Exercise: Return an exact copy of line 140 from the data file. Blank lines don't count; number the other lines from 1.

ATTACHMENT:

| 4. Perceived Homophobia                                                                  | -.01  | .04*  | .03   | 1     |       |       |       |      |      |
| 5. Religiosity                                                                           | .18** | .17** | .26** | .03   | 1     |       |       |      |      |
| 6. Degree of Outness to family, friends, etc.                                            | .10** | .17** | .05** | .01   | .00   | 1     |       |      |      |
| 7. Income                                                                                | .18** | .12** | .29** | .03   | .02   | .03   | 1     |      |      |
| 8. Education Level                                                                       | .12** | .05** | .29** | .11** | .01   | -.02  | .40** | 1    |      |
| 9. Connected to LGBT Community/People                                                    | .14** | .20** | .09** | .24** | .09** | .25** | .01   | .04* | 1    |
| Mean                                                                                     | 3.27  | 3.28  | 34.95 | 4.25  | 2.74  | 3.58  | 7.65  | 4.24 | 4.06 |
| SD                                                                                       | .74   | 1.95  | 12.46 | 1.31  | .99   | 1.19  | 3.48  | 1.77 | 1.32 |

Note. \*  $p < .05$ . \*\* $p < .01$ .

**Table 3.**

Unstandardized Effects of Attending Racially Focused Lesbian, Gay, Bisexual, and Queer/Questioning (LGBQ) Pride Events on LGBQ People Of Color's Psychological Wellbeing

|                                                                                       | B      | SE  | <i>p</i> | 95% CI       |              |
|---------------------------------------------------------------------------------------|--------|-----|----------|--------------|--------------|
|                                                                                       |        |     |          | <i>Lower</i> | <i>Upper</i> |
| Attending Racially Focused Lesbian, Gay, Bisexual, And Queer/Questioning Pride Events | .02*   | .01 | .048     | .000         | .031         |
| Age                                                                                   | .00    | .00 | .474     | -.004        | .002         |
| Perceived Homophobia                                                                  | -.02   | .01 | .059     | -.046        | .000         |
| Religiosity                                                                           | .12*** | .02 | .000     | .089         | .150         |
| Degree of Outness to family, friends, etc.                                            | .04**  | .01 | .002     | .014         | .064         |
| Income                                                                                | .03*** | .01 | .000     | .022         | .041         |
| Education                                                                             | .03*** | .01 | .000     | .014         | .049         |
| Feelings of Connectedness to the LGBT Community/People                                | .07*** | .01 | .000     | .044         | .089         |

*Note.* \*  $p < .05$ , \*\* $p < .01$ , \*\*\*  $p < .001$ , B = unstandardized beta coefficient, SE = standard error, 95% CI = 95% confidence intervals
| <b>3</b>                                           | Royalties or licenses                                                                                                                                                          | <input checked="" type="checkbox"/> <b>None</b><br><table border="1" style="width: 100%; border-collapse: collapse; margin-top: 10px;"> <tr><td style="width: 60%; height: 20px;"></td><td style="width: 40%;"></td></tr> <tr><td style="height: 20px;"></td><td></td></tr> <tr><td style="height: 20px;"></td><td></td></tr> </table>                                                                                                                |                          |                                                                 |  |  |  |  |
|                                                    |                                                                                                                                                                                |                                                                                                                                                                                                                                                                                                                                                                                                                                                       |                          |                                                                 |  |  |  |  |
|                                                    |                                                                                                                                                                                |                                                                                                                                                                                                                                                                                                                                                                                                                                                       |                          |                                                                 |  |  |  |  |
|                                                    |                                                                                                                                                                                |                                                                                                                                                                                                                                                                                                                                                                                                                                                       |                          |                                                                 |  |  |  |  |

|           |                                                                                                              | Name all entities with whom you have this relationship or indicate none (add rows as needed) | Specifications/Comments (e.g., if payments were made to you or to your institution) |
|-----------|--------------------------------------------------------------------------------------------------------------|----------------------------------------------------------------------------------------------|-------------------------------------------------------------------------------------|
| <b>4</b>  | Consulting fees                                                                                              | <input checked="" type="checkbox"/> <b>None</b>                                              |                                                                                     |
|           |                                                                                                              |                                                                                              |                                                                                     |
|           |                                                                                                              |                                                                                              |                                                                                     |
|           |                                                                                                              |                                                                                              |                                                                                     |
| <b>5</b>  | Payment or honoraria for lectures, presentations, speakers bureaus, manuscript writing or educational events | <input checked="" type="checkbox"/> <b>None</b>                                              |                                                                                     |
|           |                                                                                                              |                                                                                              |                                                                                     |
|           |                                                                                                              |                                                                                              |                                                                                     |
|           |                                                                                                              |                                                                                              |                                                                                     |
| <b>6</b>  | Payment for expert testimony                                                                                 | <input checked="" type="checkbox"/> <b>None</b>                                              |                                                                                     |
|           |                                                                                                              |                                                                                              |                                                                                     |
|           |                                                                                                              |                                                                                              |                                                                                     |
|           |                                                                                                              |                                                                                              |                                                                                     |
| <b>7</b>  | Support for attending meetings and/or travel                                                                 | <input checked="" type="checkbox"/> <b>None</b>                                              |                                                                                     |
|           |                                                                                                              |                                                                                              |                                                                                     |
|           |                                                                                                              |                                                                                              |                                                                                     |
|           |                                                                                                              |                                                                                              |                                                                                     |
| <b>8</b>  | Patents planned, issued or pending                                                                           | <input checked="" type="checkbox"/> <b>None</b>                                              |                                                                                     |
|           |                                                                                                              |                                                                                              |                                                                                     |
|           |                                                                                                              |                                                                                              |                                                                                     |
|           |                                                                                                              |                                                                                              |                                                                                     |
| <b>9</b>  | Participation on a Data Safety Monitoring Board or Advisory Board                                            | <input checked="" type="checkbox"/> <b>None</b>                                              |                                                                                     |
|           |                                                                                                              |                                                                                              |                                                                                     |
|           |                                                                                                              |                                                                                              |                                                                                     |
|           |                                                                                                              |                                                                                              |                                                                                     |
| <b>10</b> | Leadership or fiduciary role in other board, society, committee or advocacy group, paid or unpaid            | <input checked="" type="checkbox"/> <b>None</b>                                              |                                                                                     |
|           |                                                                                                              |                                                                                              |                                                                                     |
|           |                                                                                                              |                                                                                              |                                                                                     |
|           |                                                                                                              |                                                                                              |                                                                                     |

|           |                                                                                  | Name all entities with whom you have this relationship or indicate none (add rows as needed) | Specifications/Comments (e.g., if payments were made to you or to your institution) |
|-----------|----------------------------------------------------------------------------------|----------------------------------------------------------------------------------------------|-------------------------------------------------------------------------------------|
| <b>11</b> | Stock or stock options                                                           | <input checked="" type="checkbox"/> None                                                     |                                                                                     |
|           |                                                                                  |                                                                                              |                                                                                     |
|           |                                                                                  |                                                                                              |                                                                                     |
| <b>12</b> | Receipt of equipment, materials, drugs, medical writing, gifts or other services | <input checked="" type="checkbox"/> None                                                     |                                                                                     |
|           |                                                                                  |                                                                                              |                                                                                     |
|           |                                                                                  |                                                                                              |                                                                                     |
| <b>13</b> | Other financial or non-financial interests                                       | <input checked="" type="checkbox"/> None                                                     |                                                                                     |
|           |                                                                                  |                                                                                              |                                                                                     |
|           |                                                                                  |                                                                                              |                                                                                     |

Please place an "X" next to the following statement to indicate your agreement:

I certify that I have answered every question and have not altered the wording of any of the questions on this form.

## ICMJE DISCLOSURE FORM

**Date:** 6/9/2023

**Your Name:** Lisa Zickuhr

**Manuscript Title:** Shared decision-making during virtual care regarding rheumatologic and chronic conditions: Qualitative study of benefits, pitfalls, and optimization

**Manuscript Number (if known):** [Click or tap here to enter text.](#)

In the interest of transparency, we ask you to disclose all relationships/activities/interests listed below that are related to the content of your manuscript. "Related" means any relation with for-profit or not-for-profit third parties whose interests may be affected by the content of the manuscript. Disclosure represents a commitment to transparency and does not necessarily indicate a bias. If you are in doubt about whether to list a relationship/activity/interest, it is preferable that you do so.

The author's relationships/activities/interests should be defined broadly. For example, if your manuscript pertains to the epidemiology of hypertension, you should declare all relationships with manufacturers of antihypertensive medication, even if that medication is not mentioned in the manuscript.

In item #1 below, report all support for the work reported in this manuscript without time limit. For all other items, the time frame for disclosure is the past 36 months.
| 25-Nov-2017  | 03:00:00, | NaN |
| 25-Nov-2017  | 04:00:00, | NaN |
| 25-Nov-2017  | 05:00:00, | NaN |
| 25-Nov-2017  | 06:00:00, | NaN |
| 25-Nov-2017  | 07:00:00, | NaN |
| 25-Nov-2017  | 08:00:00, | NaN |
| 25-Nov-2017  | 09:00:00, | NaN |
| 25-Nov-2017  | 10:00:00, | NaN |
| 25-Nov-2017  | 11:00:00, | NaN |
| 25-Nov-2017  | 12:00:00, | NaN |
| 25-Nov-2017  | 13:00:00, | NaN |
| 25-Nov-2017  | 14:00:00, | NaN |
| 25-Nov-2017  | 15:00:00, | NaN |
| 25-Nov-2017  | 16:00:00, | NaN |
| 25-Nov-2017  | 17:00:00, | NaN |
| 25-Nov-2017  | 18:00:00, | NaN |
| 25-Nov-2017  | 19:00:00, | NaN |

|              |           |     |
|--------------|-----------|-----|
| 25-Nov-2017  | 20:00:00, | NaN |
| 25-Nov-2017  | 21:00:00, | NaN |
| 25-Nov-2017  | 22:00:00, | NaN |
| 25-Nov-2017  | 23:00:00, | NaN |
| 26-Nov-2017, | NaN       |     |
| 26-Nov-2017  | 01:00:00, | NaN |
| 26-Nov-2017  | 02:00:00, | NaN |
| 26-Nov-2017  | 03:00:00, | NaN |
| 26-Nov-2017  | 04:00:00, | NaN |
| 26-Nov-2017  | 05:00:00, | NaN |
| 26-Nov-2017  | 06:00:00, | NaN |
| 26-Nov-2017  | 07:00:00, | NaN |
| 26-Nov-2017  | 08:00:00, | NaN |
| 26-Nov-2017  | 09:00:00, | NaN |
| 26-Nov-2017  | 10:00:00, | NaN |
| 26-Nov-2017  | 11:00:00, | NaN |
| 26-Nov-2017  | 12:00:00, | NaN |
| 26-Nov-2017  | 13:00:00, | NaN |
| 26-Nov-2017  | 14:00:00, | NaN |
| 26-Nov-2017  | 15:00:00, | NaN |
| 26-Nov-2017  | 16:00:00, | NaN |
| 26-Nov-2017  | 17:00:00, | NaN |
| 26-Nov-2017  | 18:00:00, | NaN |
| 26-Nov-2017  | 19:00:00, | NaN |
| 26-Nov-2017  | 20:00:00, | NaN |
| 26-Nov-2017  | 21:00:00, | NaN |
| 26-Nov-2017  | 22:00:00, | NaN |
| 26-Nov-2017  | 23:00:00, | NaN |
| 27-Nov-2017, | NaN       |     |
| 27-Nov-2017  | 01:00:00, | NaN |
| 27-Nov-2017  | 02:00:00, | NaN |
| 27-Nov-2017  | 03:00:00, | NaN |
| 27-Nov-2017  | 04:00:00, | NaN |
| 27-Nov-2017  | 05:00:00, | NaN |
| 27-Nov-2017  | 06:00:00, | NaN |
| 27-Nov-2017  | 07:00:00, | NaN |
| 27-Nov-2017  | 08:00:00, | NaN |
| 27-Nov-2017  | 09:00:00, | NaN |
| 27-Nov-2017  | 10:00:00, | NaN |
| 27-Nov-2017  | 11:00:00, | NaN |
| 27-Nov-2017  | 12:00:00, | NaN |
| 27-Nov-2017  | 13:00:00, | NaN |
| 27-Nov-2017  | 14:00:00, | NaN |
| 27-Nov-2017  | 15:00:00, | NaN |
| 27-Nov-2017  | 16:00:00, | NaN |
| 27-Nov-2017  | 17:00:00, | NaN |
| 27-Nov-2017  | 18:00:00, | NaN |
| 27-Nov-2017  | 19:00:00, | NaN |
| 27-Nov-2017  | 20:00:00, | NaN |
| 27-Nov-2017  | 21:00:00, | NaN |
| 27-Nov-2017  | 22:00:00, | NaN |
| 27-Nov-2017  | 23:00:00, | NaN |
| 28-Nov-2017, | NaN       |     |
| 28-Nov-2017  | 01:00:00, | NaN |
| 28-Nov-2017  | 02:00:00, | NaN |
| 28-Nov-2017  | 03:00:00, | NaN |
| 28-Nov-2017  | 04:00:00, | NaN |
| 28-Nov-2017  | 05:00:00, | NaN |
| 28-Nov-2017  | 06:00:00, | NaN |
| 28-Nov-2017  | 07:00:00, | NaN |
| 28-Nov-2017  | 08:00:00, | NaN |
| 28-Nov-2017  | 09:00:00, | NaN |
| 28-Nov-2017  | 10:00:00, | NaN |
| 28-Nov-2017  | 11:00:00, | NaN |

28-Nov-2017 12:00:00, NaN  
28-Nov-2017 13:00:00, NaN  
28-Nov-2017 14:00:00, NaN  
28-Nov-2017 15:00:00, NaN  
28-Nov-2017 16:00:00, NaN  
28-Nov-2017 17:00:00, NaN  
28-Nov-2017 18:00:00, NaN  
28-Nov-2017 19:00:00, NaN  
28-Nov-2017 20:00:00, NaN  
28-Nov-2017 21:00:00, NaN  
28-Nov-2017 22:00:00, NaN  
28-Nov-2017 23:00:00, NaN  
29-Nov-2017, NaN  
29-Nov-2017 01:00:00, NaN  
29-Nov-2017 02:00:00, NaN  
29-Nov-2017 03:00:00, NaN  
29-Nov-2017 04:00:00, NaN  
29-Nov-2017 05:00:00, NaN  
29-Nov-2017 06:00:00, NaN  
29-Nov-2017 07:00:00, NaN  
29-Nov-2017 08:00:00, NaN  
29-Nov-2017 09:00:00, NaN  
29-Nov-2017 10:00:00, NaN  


| 27-Nov-2017  | 14:00:00, | NaN |